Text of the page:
I’m referring back to the post from a couple of weeks ago in which Dee from Sexywhispers
threatened offered to interview me. Because she asked such very good questions, the kind to which I wanted to devote more than a couple of tossed-off sentences, I’ve decided to take them on individually. Here’s the second one.
2–Where do most men go wrong with women? And, where do must women miss the mark with men??
I’m going to start off by saying that this begs the question of whether things go wrong in the first place. The way I look at it, 99% of relationships fail – and a good thing, too. That is, almost none of us marry our first crush, our high-school sweetheart, the playmate next door. Most of us, married or otherwise, have had dozens, perhaps hundreds of relationships ranging from dates to “steadies” to “Friends with benefits” to co-habiting to. . . you get the idea. My point is that we have multiple relationships because it is in them – and through them – that we are able to learn about ourselves and about how to get along with other people.
That said, it was probably not helpful as far as her question was concerned, so I’m going to answer what I think she was asking.
Once you are in a relationship, or indeed, are teetering on the edge of one, where do men get it wrong? In thinking that women are men with boobs. Likewise, women get it wrong in trying to make men into one of their girlfriends.
Using the analogy that we’re from different planets is amusing, but ultimately not very helpful. The central issue (as I see it, which naturally, is the correct way) is that we are all socialized to communicate differently. Not just men vs. women, but all of us. Indeed, there are hundreds of books in the Self-Help shelves that stress the importance of communication, some of which seem to help some people some of the time.
Books and talk-show gurus take especial pains to describe how we could or should communicate better so as to get our points across to our loved ones, mates, spouses, family, friends, cow-orkers, and colleagues. I have a different take on this. I am more and more convinced that we spend most of our time trying to avoid good communication; that is, we become more adept at masking what we’re really feeling, and we become more skilled in manipulating than in expressing what we truly would like to do. That’s not to say that this is a totally bad thing – in commercial transactions we don’t want to appear vulnerable, but in intimate relations it’s counterproductive.
Some of us learn that we need to pick just the right time and choose just the right words in order to get our desire across to a partner. We justify it by assuring ourselves that it’s necessary in order to get what we want, but is this really communicating? I’m becoming convinced that what we are teaching ourselves to do is to use these kinds of justifications as a way to avoid dealing with our own insecurities and feelings of inadequacy and fear. Truly, we laud a person’s use of tact and diplomacy; but what is that, except communicating in a way that allows the other person to avoid confronting their own fears and insecurities?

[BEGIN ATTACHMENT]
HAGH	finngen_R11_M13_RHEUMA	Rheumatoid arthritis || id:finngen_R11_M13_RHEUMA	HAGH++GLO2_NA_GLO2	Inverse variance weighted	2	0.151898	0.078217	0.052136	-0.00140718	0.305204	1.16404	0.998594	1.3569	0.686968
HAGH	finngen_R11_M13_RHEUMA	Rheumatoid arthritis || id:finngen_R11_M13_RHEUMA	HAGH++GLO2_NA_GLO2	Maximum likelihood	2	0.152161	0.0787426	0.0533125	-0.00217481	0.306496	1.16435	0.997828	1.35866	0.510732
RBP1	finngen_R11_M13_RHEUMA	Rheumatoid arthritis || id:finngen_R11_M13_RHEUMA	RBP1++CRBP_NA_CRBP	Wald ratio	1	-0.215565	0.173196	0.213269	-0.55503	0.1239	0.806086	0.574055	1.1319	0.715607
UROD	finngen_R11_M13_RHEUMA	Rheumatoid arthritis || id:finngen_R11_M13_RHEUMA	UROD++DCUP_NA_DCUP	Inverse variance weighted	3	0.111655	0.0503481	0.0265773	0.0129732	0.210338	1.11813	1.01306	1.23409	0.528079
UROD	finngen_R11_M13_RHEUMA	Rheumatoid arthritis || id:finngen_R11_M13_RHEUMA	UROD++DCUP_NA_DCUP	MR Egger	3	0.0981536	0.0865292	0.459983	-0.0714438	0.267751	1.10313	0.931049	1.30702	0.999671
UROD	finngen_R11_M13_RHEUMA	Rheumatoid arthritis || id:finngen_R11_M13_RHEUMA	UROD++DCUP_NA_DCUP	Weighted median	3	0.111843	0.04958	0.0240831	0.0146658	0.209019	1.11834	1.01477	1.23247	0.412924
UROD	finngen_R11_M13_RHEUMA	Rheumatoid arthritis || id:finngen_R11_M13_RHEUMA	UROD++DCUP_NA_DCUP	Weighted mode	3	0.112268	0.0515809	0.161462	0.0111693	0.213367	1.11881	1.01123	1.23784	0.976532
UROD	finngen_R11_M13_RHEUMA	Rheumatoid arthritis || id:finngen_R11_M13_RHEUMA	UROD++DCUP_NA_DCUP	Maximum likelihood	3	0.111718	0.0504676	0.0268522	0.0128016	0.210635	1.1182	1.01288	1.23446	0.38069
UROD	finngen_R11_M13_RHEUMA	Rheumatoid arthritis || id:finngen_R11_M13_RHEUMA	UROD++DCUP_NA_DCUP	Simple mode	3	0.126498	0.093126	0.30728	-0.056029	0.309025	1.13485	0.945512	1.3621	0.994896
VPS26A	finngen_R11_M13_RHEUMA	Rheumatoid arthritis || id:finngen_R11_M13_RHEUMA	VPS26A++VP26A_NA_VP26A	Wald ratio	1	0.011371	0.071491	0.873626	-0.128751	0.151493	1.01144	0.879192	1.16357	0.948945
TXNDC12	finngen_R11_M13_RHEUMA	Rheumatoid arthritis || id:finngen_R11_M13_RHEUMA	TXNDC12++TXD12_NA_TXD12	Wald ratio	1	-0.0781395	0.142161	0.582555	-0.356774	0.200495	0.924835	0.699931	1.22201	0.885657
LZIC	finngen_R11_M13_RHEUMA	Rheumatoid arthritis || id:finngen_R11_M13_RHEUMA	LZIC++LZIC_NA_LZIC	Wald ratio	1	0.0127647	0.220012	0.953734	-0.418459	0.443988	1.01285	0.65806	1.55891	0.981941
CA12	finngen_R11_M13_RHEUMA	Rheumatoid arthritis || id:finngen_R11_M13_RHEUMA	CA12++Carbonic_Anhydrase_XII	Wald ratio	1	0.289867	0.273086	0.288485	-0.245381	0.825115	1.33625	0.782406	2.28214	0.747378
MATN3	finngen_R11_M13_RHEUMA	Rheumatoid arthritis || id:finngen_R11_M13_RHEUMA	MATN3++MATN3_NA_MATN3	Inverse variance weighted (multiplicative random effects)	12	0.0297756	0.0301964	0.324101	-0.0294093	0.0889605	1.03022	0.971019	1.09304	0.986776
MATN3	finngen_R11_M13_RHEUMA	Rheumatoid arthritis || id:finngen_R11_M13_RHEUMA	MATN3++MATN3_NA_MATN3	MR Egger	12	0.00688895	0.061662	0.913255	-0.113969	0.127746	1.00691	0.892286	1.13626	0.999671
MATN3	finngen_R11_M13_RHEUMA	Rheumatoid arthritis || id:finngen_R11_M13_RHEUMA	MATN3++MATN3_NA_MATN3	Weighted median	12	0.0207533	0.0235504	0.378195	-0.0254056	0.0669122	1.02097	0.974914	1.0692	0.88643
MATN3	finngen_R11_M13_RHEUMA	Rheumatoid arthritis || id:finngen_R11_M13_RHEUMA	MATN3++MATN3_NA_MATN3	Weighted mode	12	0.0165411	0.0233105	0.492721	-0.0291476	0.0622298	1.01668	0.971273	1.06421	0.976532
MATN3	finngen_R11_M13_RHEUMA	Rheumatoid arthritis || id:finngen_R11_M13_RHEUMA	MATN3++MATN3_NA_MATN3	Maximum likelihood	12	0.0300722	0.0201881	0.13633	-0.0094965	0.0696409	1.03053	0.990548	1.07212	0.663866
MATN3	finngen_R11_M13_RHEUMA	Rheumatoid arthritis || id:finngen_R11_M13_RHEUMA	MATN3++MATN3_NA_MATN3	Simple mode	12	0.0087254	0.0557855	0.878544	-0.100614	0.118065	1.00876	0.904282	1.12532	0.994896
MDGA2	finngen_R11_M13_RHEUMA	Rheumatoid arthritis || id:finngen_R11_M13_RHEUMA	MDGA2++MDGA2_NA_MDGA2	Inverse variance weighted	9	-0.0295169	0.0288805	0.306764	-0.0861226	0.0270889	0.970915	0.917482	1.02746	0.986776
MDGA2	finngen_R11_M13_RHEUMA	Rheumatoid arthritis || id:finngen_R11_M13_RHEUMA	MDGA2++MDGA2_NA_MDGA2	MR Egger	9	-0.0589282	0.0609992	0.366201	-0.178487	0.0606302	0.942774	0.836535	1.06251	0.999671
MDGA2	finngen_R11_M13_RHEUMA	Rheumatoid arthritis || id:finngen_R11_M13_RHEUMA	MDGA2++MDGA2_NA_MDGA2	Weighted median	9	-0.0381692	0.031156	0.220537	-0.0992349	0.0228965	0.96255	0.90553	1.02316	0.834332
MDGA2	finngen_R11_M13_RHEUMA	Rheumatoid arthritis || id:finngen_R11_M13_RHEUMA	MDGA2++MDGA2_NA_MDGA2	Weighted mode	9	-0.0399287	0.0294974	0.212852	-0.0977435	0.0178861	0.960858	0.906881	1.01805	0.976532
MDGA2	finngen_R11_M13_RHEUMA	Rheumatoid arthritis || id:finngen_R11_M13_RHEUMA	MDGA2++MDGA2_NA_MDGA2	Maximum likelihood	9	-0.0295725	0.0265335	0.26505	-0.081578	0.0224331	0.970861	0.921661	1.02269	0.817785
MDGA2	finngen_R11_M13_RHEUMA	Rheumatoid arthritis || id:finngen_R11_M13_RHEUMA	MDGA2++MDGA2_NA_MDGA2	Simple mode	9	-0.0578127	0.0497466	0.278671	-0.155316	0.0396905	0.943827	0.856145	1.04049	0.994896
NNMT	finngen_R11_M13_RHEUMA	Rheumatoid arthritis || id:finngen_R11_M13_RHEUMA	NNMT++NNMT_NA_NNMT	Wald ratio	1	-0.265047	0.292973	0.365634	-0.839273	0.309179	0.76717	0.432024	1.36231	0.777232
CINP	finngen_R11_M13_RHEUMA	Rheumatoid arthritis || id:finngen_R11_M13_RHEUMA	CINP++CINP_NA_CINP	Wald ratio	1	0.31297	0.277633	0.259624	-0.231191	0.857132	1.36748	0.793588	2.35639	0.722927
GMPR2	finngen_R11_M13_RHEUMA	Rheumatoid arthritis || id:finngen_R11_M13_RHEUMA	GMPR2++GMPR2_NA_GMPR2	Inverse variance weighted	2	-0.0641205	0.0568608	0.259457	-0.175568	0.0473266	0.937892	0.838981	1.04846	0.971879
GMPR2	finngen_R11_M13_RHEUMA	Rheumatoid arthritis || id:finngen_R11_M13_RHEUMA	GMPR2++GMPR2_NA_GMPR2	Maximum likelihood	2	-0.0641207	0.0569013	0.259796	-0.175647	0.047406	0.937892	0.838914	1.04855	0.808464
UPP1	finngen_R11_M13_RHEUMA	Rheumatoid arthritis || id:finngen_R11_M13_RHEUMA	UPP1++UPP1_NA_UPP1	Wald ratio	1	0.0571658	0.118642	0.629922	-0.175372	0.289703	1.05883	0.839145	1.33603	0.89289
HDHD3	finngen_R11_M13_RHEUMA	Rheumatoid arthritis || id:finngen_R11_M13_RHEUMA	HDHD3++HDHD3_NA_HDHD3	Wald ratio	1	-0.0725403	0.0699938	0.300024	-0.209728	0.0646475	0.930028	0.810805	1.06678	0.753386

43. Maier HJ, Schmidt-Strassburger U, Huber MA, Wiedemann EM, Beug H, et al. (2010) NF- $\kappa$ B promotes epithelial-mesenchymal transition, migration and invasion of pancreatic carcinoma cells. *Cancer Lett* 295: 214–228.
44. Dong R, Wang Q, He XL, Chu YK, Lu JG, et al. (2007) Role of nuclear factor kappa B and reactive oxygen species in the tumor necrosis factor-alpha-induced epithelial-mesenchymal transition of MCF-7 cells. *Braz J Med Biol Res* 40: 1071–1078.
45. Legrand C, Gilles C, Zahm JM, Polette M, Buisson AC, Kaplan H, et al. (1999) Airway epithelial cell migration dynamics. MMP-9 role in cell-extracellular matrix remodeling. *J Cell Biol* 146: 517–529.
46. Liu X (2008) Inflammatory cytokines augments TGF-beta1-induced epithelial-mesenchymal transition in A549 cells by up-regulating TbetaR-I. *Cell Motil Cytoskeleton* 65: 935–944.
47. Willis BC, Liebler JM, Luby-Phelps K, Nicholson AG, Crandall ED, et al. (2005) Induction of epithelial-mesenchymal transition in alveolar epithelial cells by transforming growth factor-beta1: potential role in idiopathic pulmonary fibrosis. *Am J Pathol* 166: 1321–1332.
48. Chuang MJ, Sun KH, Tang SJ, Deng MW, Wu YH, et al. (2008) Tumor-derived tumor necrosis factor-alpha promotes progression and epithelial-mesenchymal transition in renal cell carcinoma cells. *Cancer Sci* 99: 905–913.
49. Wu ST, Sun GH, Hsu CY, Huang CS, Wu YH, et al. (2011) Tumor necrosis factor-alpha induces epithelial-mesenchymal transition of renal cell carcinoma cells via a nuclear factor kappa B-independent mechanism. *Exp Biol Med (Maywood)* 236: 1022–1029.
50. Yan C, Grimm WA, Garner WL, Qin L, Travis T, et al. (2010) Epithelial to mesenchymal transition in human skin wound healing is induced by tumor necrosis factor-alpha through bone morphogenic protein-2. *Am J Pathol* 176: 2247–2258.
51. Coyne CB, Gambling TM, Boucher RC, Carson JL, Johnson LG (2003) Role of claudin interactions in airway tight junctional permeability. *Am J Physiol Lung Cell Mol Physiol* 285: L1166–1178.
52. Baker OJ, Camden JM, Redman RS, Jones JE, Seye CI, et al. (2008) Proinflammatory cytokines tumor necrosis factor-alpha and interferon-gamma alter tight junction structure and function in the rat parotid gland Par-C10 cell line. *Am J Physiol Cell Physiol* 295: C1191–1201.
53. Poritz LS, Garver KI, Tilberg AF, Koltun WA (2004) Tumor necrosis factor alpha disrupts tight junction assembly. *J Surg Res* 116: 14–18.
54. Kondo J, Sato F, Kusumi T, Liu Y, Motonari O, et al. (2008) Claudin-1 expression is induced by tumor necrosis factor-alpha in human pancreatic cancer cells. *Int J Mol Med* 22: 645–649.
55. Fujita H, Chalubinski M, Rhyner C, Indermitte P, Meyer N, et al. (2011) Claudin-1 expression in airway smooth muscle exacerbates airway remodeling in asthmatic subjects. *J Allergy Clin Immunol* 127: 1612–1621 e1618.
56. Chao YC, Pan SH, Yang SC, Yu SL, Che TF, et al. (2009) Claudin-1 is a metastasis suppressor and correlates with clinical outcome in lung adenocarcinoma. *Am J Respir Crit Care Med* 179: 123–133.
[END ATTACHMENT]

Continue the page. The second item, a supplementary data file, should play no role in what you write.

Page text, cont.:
And what does this have to do with “getting it wrong” in a relationship? Men and women (and I’m talking in general here) have different perspectives because of cultural and societal pressures, but it’s very difficult for either of them to start off a relationship expressing their feelings of vulnerability. Every “I want” carries a risk that your partner will not only deny, but will make you feel uncomfortable for even asking. Personally, every time I suggest something that I’d like something that’s not “vanilla,” I worry that Mrs. Edge will not only say “No,” but that she’ll say “Eeewwww, no friggin’ way! What are you, some kid of sicko?” And indeed, there were times when she reacted either negatively or ambiguously, so that I became very insecure about expressing myself sexually with her. On her part, Mrs. Edge has made efforts to be more affectionate, and at times has done so in such an indirect, roundabout manner that I’ve completely missed the signals. In her mind, though, I was avoiding her, making her feel inadequate.
Sure, you could chalk that up to me just being a typical, insensitive guy. But really, how much better for both of us if we could simply ask for what we want without worrying how it reflects on us as a person, or without all the perceived prejudices and judgments which make us feel more insecure?
Where we all get it wrong, therefore, is not with each other, but in being so overly protective of our own psyches that we fail to allow ourselves to grow – emotionally, intimately, spiritually. We get it wrong by giving to others the power to make us feel inadequate, and then resenting them for having that power. We get it wrong when we make assumptions about the state of mind of our partners and about what they’re thinking, when we should be more focused on what we want and how to express it more clearly. We get it wrong when we become more concerned with the manipulation and machinations of communication than in actually getting out of our own comfort zones and risking the hurt.
And we especially get it wrong when we believe what the other insecure, fearful people tell us about how to have a relationship, instead of taking the opportunity to learn and grow.